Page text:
This document describes the format traditionally used by Unix hosts to store mail messages locally. mbox files typically reside in the system's mail spool, under various names in users' Mail directories, and under the name mbox in users' home directories.
An mbox is a text file containing an arbitrary number of e-mail messages. Each message consists of a postmark, followed by an e-mail message formatted according to RFC5322. The file format is line-oriented. Lines are separated by line feed characters (ASCII 10).
A postmark line consists of the four characters "From", followed by a space character, followed by the message's envelope sender address, followed by whitespace, and followed by a time stamp. This line is often called From_ line.
The sender address is expected to be addr-spec as defined in RFC5322 3.4.1. The date is expected to be date-time as defined in RFC5322 3.3. For compatibility reasons with legacy software, two-digit years greater than or equal to 70 should be interpreted as the years 1970+, while two-digit years less than 70 should be interpreted as the years 2000-2069. Software reading files in this format should also be prepared to accept non-numeric timezone information such as "CET DST" for Central European Time, daylight saving time.
From firstname.lastname@example.org Fri Jun 23 02:56:55 2000
In order to avoid misinterpretation of lines in message bodies which begin with the four characters "From", followed by a space character, the mail delivery agent must quote any occurrence of "From " at the start of a body line.
There are two different quoting schemes, the first (MBOXO) only quotes plain "From " lines in the body by prepending a '>' to the line; the second (MBOXRD) also quotes already quoted "From " lines by prepending a '>' (i.e. ">From ", ">>From ", ...). The later has the advantage that lines like
>From the command line you can use the '-p' option
aren't dequoted wrongly as a MBOXRD-MDA would turn the line into
>>From the command line you can use the '-p' option
before storing it. Besides MBOXO and MBOXRD there is also MBOXCL which is MBOXO with a "Content-Length:"-field with the number of bytes in the message body; some MUAs (like mutt(1)) do automatically transform MBOXO mailboxes into MBOXCL ones when ever they write them back as MBOXCL can be read by any MBOXO-MUA without any problems.
If the modification-time (usually determined via stat(2)) of a nonempty mbox file is greater than the access-time the file has new mail. Many MUAs place a Status: header in each message to indicate which messages have already been read.
Since mbox files are frequently accessed by multiple programs in parallel, mbox files should generally not be accessed without locking.
Three different locking mechanisms (and combinations thereof) are in general use:
- fcntl(2) locking is mostly used on recent, POSIX-compliant systems. Use of this locking method is, in particular, advisable if mbox files are accessed through the Network File System (NFS), since it seems the only way to reliably invalidate NFS clients' caches.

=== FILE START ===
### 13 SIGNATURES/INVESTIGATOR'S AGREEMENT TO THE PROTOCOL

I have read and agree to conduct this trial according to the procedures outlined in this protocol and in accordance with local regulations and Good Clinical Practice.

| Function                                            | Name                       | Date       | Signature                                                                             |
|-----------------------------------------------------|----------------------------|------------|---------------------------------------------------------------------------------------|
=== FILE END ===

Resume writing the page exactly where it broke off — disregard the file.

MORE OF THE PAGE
- flock(2) locking is mostly used on BSD-based systems.
Dotlocking is used on all kinds of systems. In order to lock an mbox file named folder, an application first creates a temporary file with a unique name in the directory in which the folder resides. The application then tries to use the link(2) system call to create a hard link named folder.lock to the temporary file. The success of the link(2) system call should be additionally verified using stat(2) calls. If the link has succeeded, the mail folder is considered dotlocked. The temporary file can then safely be unlinked.
In order to release the lock, an application just unlinks the folder.lock file.
If multiple methods are combined, implementors should make sure to use the non-blocking variants of the fcntl(2) and flock(2) system calls in order to avoid deadlocks.
If multiple methods are combined, an mbox file must not be considered to have been successfully locked before all individual locks were obtained. When one of the individual locking methods fails, an application should release all locks it acquired successfully, and restart the entire locking procedure from the beginning, after a suitable delay.
The locking mechanism used on a particular system is a matter of local policy, and should be consistently used by all applications installed on the system which access mbox files. Failure to do so may result in loss of e-mail data, and in corrupted mbox files.
$LOGNAME's incoming mail folder.
user's archived mail messages, in his $HOME directory.
A directory in user's $HOME directory which is commonly used to hold mbox format folders.
mutt(1), fcntl(2), flock(2), link(2), stat(2), maildir(5), mmdf(5), RFC976, RFC4155, RFC5322
Thomas Roessler <email@example.com>, Urs Janssen <firstname.lastname@example.org>
The mbox format occurred in Version 6 AT&T Unix.
A variant of this format was documented in RFC976 and RFC4155.
git-imap-send(1), git-send-email(1), mmdf(5), mpop(1), mutt(1), muttrc(5), tin(1), tin(5).